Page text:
I hope everyone reading this has had the opportunity to read to a child. Be you mom, dad, aunt, grandma, sibling or teacher, I have to say, it’s the assignment of a lifetime. There is so much to know and remember.
Location – It must be comfy. I read to my two youngest granddaughters on the big bed in the bedroom/office. I grab a pile of books, plonk them on the bed and spread them out.
“Okay, pick three each,” I say, knowing I’ll probably read more.
Then we arrange the blankets and pillows just so, pick the side of grandma each wants and off we go. This is the nerve wracking part for me as I think of . . .
Tone – Different stories require different tones. For instance, if we’re reading a story starring Elmo the appropriate voice is expected, soprano. If there’s tension building in one of Mercer Meyer’s Critter stories that tension needs to build. There’s a expectation on the part of the listener that must be risen to. Get it right, Grandma, zips through my brain. I’m telling you, it’s a tough gig.
Focus – This is big. While you’re reading you assess your listeners. Take notice of any eye wandering or pinching of a sibling or, worse, going off topic to tell you what the dog did once in a situation similar to the one in the book. This causes all minds to go off topic and throws your timing to the wind - especially if your trying to maintain that soprano voice. The remedy? The story illustrator has worked as hard to get the idea across as the writer, so call attention to the colorful visuals they’ve provided. It enriches the story for everyone and keeps the little ones from going all dog on you.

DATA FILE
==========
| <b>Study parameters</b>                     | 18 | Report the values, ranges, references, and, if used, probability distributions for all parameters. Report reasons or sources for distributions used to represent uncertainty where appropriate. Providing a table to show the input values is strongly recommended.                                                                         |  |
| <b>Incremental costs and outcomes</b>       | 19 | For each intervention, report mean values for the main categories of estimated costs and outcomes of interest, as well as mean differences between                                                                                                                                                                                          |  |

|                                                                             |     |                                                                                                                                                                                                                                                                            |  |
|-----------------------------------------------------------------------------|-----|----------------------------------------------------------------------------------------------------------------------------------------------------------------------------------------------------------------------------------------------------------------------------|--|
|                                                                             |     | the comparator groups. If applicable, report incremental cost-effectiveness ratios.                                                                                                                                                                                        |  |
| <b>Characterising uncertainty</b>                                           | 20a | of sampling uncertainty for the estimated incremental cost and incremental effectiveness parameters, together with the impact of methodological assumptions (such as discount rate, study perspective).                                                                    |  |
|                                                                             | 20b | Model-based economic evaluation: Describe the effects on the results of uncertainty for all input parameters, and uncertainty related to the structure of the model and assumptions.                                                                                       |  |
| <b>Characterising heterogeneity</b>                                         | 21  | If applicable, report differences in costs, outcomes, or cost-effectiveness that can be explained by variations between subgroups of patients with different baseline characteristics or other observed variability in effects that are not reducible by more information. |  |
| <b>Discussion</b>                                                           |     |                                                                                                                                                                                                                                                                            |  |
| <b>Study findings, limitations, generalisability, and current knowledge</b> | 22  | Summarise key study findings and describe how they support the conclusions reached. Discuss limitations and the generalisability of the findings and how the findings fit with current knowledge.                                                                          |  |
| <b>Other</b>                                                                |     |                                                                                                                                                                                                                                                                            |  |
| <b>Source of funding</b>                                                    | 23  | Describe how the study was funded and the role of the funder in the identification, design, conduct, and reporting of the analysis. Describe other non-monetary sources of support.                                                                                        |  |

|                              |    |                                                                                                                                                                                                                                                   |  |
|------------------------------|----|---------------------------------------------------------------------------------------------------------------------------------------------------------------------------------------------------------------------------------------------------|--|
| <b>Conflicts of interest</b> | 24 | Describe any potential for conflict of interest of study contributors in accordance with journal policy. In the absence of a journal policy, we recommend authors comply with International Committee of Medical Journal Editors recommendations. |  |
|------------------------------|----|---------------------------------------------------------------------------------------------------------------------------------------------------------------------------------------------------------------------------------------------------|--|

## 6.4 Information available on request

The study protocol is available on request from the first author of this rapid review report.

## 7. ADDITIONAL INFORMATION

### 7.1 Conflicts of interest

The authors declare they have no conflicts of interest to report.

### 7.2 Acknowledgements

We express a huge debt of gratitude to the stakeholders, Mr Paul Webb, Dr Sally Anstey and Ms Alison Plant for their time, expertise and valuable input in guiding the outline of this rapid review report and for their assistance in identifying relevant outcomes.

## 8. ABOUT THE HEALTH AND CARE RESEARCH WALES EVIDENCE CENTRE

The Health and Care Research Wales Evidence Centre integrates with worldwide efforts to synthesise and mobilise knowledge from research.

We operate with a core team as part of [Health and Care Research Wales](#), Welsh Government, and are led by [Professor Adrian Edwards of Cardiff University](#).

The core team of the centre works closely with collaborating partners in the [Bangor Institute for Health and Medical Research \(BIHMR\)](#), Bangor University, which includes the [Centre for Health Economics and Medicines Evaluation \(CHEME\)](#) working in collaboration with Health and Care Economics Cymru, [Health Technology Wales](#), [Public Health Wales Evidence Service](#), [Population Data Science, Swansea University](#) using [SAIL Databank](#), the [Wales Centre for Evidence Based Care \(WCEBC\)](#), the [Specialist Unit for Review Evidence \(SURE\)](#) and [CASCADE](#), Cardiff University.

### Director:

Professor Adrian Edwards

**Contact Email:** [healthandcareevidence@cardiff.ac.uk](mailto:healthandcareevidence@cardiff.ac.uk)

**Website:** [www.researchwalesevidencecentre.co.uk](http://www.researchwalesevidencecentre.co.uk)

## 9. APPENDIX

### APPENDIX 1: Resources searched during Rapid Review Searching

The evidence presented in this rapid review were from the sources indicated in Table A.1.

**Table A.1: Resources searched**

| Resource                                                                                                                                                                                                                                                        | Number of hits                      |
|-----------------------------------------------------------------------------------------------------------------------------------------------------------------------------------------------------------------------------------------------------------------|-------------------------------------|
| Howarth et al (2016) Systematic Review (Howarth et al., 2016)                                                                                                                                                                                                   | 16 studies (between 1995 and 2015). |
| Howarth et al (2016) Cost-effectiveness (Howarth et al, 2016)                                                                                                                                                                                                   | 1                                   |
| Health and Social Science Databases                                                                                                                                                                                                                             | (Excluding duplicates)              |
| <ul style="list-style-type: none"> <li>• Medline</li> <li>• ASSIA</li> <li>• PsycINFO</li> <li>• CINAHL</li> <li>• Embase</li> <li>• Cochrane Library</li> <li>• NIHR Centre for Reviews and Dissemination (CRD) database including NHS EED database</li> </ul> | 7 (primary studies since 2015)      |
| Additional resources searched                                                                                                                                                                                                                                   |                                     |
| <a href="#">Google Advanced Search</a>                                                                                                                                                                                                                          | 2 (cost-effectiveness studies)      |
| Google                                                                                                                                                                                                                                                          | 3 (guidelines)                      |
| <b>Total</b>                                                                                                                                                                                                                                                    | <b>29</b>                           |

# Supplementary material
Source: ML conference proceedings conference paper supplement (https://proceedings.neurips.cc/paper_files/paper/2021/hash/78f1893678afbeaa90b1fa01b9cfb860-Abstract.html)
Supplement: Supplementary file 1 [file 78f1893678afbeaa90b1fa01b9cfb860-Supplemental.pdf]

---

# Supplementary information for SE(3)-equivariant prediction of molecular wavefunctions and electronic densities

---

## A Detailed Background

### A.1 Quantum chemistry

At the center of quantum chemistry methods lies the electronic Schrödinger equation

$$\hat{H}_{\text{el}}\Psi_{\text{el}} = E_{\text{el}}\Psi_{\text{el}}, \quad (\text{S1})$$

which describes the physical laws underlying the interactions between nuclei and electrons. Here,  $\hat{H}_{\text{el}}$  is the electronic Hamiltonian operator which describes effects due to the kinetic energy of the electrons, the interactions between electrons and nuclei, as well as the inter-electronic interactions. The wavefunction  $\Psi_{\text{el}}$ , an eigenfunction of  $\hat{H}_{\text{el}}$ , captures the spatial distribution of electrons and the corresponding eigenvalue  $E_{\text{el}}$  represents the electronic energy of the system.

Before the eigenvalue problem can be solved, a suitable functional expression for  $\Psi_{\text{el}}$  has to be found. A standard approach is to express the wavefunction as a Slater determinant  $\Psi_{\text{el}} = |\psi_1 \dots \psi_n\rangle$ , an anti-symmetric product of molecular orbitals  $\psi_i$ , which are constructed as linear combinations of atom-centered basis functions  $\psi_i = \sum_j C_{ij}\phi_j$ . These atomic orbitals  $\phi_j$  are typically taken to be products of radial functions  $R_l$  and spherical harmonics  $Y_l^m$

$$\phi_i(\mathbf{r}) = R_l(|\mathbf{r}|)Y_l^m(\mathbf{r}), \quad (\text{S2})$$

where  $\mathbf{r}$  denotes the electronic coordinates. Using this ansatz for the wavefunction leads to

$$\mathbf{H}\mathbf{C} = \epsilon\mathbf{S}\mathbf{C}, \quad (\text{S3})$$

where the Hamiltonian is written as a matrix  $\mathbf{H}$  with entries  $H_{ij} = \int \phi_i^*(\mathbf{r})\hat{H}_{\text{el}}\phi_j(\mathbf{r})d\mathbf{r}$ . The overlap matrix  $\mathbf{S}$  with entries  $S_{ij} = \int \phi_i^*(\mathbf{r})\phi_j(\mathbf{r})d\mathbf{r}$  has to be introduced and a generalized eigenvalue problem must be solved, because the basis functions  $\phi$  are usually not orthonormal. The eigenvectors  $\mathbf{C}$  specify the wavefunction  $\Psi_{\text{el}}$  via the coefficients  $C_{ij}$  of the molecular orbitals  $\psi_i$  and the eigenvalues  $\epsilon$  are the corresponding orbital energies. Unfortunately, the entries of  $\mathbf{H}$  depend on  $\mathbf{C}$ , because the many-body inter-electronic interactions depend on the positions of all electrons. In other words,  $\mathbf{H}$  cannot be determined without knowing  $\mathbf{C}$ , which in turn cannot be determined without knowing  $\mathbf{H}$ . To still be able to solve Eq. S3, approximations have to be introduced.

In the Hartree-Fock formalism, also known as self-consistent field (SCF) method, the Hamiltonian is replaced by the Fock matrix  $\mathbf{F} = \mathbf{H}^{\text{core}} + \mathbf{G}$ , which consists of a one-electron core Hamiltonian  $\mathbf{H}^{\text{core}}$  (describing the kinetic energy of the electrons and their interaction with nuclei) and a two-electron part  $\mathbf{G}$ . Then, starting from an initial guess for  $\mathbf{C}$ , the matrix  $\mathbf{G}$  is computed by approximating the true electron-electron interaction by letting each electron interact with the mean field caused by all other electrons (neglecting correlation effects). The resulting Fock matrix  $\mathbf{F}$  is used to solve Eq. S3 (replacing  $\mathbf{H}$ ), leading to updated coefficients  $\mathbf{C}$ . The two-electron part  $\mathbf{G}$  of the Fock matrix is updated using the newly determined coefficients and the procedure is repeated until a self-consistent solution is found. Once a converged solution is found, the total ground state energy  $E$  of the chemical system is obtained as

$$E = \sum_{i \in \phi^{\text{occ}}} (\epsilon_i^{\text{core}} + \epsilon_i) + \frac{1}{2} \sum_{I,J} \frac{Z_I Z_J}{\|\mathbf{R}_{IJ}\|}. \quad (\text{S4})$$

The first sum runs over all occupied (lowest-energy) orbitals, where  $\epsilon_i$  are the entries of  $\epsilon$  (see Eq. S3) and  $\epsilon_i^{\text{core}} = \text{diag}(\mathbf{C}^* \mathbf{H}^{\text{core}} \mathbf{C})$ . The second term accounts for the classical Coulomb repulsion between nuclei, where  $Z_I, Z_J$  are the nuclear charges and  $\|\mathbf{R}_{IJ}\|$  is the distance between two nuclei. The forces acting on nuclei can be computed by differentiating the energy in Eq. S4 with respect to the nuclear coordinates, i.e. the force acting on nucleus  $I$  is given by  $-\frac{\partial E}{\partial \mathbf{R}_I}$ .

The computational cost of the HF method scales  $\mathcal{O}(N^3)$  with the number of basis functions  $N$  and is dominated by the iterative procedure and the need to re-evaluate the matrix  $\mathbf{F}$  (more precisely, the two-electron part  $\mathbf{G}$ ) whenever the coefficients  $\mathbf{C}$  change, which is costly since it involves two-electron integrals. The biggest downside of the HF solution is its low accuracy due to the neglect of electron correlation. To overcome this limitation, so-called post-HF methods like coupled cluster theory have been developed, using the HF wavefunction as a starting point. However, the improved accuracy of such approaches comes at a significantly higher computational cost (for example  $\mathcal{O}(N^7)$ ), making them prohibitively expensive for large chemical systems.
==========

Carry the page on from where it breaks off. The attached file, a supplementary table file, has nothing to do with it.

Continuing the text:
Wrap Up – Perhaps the most important thing of all. If you’ve read Cinderella more than once your listeners know what’s coming. Two things will happen. Sadness. A good book is over. Time is moving on and that story is in the past. Awww. But wait! Let’s . . . “Read it again! Read it again!” This is what all writers of children’s books long for – that eager response from a child. The second thing is when the child is glancing around for the next book and way past ready to quit the first. Yeah, that happens, too. In that case you should be brisk. Toss book one aside and go on. Just don’t ever tell the writer.
So you see, there’s a heck of a lot more to reading to a child than you ever imagined, right? And if you do this you may be rewarded , as I was over the weekend, with one of your dear ones reading back to you.
Yup, it happened on Skype when eleven-year-old Lillie read to me yet another chapter of Akata Witch by Nnedi Okorafer. She in Washington and me in New York. It’s especially meaningful because of all our grandchildren Lillie is the only one I was rarely able to read to. She was born far away from me. But I’m so glad her mom, dad, sister, teacher and others read to her so she, in turn, could read to me in her sweet, clipped voice coming through the ether to Grandma’s house. I’m so blessed.
Read to a child. You won’t ever regret it.